Despite the hype, the widely publicised Code Red worm may not have caused a significant slowdown of the internet. However, several European software vendors confirmed on Friday that it did flood technical support phone lines at antivirus companies.
Virus swamps helpdesks not internet after hype
Many internet users who were in fact untargeted by Code Red were scared by the alert that was sent out last Sunday by a number of US government and private organisations, the vendors said.
This is a little rich coming from the companies that did so much to make sure the media knew about Code Red. PC Advisor received numerous press releases on the subject, but refused to publish stories about the worm precisely because so many companies have a vested interest in scaring the public.
The alert, headlined 'A Very Real and Present Threat to the Internet: July 31 Deadline For Action', predicted Code Red would cause sporadic but widespread outages of the internet.
"Our tech support line received many calls from home users who are not affected but heard about Code Red and were very scared, hollow scares," said Dennis Zenkin, spokesman for Moscow-based antivirus vendor Kaspersky Labs.
"We have been getting thousands and thousands of phone calls. It is a real shame, that imaginative alert from the FBI. The title reads like a John Grisham novel," seconded Graham Cluley, senior technical consultant at UK-based Sophos.
Helpdesk agents at F-Secure, a Finland-based antivirus vendor, also received a much higher than normal number of calls, said Mikko Hypponen, manager of antivirus research.
"Lots of people called and said they had disconnected their computer from the internet and wanted to know when it would be safe to hook it back up. Many of these people were typical consumers running Windows 98. The only thing they could notice from Code Red is a slowdown of the internet," he said.
A website administrator at a relatively large Finnish company, who was called in to work at three in the morning to protect his servers, also called Hypponen for advice.
"The chief executive officer had seen something on CNN about Code Red and called the webmaster. His systems were all Linux-based, so he really had nothing to worry about," said Hypponen.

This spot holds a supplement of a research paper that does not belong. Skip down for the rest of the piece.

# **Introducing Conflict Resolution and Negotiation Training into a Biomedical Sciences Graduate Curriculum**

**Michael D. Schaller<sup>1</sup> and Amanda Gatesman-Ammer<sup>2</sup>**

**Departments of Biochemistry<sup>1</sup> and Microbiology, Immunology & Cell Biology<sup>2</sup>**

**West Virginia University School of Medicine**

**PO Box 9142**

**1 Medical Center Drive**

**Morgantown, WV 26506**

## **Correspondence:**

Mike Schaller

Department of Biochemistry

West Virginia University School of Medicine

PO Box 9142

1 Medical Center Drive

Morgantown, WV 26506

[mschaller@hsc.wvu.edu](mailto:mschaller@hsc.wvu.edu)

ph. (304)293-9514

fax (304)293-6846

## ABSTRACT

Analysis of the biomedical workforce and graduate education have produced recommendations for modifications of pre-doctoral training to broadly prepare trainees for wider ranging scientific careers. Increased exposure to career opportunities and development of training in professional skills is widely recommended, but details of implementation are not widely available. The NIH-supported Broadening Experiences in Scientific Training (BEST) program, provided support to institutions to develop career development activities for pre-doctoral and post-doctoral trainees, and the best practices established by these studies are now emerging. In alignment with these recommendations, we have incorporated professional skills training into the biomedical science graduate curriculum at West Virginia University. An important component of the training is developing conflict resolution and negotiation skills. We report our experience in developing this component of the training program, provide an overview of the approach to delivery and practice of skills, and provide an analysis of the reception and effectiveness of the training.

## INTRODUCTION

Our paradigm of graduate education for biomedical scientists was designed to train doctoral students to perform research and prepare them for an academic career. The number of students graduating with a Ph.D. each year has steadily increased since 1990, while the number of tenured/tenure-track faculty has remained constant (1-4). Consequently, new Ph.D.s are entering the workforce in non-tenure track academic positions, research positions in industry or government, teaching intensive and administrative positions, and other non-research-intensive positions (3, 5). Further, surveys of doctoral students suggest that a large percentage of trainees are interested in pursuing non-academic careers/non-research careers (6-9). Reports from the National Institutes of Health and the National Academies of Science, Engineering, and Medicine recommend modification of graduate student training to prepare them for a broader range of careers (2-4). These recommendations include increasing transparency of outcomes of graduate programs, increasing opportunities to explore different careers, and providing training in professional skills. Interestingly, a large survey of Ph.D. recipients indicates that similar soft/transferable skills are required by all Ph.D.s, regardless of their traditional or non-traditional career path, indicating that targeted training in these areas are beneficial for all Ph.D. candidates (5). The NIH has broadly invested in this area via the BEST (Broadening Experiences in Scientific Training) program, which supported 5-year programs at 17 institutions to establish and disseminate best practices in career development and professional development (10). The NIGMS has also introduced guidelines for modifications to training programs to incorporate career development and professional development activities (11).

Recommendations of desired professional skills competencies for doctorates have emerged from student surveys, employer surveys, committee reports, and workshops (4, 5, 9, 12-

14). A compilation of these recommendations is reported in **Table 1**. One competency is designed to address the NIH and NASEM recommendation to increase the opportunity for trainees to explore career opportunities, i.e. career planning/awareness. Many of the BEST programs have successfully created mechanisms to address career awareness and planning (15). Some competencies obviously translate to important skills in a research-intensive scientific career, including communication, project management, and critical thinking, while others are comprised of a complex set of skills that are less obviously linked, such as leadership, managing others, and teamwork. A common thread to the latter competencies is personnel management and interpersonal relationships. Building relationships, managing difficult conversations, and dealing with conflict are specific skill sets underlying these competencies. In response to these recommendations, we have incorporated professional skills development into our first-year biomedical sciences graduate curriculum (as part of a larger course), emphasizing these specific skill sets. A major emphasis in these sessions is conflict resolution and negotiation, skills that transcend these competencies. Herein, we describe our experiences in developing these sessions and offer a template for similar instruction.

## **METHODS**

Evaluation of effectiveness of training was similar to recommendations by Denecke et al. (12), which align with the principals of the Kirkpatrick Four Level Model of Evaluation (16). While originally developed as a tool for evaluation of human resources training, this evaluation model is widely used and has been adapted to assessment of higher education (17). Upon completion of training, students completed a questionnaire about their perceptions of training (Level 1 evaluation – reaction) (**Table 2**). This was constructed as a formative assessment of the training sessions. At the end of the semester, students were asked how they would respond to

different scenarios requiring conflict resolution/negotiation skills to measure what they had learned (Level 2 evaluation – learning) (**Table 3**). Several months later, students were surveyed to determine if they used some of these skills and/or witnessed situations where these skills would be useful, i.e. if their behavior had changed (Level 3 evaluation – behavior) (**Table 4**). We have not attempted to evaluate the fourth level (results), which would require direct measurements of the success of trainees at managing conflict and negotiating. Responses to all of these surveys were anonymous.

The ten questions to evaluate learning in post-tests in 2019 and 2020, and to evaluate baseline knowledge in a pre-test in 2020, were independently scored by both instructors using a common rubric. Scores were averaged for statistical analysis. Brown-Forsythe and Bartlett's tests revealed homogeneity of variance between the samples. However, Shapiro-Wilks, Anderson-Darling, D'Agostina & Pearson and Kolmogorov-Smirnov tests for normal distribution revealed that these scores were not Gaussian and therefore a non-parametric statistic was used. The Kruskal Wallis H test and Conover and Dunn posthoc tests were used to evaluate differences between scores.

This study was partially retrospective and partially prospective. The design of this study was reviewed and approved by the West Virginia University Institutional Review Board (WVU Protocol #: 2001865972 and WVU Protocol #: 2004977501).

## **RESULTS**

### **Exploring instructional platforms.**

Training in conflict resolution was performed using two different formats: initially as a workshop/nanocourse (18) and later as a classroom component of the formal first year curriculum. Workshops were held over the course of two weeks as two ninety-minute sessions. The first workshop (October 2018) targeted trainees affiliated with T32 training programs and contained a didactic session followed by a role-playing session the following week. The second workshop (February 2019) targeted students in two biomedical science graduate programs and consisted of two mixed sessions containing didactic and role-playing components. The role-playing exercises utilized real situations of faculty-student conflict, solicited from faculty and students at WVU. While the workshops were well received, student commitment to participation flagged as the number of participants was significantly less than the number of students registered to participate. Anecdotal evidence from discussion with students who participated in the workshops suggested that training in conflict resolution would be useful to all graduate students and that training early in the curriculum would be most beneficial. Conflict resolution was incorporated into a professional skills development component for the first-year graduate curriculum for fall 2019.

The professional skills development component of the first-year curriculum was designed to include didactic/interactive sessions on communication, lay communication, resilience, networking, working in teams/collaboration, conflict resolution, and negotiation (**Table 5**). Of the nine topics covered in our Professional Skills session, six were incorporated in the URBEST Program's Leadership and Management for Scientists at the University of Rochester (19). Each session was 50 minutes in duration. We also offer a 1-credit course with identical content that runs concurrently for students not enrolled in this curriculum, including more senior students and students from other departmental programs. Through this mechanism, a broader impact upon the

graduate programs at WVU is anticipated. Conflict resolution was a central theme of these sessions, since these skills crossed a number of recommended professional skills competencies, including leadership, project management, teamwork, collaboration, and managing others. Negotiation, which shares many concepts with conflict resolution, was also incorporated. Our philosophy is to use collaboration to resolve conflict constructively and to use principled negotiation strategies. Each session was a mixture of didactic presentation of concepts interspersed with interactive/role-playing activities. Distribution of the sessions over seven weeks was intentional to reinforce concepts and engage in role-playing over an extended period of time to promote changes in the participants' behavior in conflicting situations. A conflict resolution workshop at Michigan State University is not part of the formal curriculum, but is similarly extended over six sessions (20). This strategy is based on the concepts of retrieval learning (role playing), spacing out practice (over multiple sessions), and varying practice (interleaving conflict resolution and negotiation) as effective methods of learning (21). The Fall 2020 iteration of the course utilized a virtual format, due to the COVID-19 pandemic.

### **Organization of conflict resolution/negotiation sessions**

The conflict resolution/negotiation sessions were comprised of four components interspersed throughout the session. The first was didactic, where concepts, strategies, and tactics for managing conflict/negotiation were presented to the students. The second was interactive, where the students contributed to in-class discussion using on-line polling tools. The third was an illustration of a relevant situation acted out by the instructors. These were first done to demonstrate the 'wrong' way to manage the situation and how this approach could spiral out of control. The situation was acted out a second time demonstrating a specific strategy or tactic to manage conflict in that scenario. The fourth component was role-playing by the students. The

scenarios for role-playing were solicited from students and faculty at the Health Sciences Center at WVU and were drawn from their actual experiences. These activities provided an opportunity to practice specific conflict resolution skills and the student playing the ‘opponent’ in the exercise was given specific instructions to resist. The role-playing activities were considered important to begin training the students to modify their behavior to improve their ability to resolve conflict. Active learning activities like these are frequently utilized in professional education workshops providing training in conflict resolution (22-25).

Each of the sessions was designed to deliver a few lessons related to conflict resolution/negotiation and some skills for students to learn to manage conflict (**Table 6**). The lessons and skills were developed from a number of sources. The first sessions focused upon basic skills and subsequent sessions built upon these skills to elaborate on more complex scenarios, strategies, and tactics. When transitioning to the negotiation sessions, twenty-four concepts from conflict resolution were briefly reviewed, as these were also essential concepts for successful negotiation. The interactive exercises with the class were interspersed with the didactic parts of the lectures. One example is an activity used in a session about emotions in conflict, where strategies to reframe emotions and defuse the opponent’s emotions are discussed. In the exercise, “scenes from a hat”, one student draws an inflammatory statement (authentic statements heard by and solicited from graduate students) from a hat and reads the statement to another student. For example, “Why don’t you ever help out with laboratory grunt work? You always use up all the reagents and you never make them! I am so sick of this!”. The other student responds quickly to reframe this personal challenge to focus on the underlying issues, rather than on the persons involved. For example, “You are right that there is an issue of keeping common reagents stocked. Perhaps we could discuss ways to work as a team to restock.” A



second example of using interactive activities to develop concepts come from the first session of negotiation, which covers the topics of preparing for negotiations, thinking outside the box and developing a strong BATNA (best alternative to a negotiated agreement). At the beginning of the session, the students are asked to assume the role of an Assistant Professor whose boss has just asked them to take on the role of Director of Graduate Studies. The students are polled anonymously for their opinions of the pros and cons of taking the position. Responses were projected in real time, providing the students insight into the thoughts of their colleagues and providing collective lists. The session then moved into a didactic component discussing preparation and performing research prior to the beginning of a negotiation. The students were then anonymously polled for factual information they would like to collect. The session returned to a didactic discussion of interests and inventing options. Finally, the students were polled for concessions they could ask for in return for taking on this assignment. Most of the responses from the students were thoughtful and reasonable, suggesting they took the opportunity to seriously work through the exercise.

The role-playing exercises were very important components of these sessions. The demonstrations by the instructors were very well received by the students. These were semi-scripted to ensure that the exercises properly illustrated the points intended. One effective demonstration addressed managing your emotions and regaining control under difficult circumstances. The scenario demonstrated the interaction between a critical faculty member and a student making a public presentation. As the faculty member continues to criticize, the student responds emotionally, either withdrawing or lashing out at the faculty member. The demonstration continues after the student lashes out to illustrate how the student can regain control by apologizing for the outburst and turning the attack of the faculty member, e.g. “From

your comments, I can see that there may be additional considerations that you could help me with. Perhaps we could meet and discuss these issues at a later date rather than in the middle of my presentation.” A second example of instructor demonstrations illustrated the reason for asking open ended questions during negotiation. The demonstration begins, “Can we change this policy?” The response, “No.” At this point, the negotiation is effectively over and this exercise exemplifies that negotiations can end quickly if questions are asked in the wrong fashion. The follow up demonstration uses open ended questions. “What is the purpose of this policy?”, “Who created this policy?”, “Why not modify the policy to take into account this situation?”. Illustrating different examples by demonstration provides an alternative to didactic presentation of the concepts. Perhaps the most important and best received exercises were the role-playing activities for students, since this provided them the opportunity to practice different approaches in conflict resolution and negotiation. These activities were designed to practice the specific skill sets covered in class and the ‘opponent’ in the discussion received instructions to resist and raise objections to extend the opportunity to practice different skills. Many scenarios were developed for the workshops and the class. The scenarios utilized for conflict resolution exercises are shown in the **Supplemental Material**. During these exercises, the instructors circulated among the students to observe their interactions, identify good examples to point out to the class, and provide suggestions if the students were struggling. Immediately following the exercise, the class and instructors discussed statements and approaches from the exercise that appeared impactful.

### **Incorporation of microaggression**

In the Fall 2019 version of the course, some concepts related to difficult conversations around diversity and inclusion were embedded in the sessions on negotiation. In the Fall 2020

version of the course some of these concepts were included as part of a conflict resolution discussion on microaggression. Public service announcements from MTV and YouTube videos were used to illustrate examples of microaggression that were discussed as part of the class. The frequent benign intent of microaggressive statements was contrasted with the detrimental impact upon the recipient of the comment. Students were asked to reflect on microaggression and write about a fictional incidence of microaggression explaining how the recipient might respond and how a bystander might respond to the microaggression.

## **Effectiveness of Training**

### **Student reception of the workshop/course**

Code Red is a self-propagating worm that exploits a flaw in IIS (Internet Information Server), a part of Microsoft's Windows 2000 and Windows NT server software. It scans the internet for vulnerable systems and infects these systems by installing itself. A patch for the flaw has been available since mid-June.
All three European vendors blame the panic on the unprecedented joint alert and the often-incomplete media attention it received. The alert was issued by, among others, the FBI's National Infrastructure Protection Center, the CERT (Computer Emergency Response Team) Coordination Center, the SANS Institute and Microsoft.
"I am very sceptical about warnings that predict internet meltdowns. They have done more harm than good. They needed to make clear that this didn't affect home users. I think that many people that downloaded the patch are home users," said Sophos' Cluley.
"This issue is difficult to solve," commented Hypponen, who said he approves of the way the alert was issued, but said he would have picked a different headline. "People that don't have any understanding of the topic will freak out, no matter how detailed your announcement is."
The vendors are afraid that, because the internet did not get swamped by rogue packets of data, the alert will negatively reflect on the antivirus community.
"The average person on the street will forget that the announcement came from the FBI and Microsoft and see this as another example of the antivirus industry warning for something that turns out to be a non-event," said Cluley.
Hypponen agreed, but said it is clear that the antivirus industry wasn't involved in the alerting for the virus.
"Typically it is the antivirus industry that is blamed for touting a virus to get more sales. The alert had an accurate view, although it was very Tom Clancy-like."